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SpaceX wins FCC approval to put over 7,000 satellites in orbit

(Source: cnet.com)

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SpaceX got the green light to send more satellites to space.

The Federal Communications Commission on Thursday approved SpaceX’s request to build, deploy and operate over 7,000 satellites in the very-low-Earth orbit. SpaceX will also have more frequency bands added to its previously authorized satellites, according to the FCC’s release.

The company’s Starlink program is designed to use satellites at a much lower orbit to improve internet connectivity on the ground, even in rural and remote places with little to no internet access. The approval on Thursday gives SpaceX flexibility to provide high-speed broadband coverage for more areas in the US and worldwide. The licenses also require that SpaceX’s satellites be deployed within nine years.

“I’m excited to see what services these proposed constellations have to offer,” said FCC Chairman Ajit Pai in an email statement. “Our approach to these applications reflects this Commission’s fundamental approach: encourage the private sector to invest and innovate and allow market forces to deliver value to American consumers.”

In February, SpaceX launched two small prototype satellites abroad one of its Falcon 9 rockets. The company said in its FCC application that an initial 800 satellites will be enough to provide US and international coverage. More satellites would offer complete coverage, as well as add broadband capacity worldwide.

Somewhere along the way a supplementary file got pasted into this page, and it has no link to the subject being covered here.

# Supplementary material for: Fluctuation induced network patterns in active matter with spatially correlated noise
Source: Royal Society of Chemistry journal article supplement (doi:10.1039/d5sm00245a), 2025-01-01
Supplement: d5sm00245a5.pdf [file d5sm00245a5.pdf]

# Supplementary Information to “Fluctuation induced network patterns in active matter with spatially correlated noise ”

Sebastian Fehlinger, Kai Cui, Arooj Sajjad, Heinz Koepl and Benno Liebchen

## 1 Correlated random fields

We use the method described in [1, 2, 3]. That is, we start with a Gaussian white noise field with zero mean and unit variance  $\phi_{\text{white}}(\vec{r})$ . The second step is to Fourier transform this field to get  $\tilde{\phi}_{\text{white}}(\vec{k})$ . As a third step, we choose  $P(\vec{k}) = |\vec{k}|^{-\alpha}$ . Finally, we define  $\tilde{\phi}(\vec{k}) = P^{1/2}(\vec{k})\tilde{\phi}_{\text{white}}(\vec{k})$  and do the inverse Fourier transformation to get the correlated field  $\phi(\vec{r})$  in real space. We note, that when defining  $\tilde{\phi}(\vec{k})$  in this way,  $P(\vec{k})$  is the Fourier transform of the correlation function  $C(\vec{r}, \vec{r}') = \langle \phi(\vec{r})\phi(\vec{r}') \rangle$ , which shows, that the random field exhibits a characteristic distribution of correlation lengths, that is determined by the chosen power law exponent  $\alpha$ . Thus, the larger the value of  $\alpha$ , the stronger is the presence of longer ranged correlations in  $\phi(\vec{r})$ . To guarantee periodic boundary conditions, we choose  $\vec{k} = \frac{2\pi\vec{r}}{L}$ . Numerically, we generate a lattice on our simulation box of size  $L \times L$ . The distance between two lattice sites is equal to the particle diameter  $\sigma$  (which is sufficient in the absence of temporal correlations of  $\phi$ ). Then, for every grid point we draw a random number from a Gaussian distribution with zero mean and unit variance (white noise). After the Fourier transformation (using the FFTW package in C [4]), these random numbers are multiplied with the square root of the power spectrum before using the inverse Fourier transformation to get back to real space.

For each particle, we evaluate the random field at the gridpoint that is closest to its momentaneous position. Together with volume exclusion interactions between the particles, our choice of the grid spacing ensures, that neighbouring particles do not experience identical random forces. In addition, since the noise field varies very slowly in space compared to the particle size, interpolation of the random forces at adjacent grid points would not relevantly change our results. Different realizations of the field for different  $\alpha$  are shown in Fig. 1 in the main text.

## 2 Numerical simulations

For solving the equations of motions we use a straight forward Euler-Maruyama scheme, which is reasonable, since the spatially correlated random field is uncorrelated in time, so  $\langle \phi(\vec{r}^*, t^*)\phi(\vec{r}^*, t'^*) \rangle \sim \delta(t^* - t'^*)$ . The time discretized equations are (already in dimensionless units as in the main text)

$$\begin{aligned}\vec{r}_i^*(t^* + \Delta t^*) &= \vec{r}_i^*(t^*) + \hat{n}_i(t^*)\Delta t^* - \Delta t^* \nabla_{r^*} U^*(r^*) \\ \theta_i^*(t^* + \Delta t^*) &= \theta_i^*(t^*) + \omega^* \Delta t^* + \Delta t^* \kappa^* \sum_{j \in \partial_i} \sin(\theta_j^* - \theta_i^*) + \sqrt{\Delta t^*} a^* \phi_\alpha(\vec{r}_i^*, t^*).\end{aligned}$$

In March, the FCC approved SpaceX’s plan to provide global satellite broadband services. It was the first time a US-licensed satellite constellation got approved to provide broadband coverage using “a new generation of low-Earth orbit satellite technologies,” the FCC said. SpaceX was granted to operate 4,425 satellites. 

Besides Elon Musk’s company, FCC has also granted requests for Kepler Communications, Telesat Canada and LeoSat MA to offer broadband services in the US. 

First published on Nov. 15, 11 a.m. PT.
Update, 1:39 p.m. PT: Adds more information about SpaceX’s satellites. 

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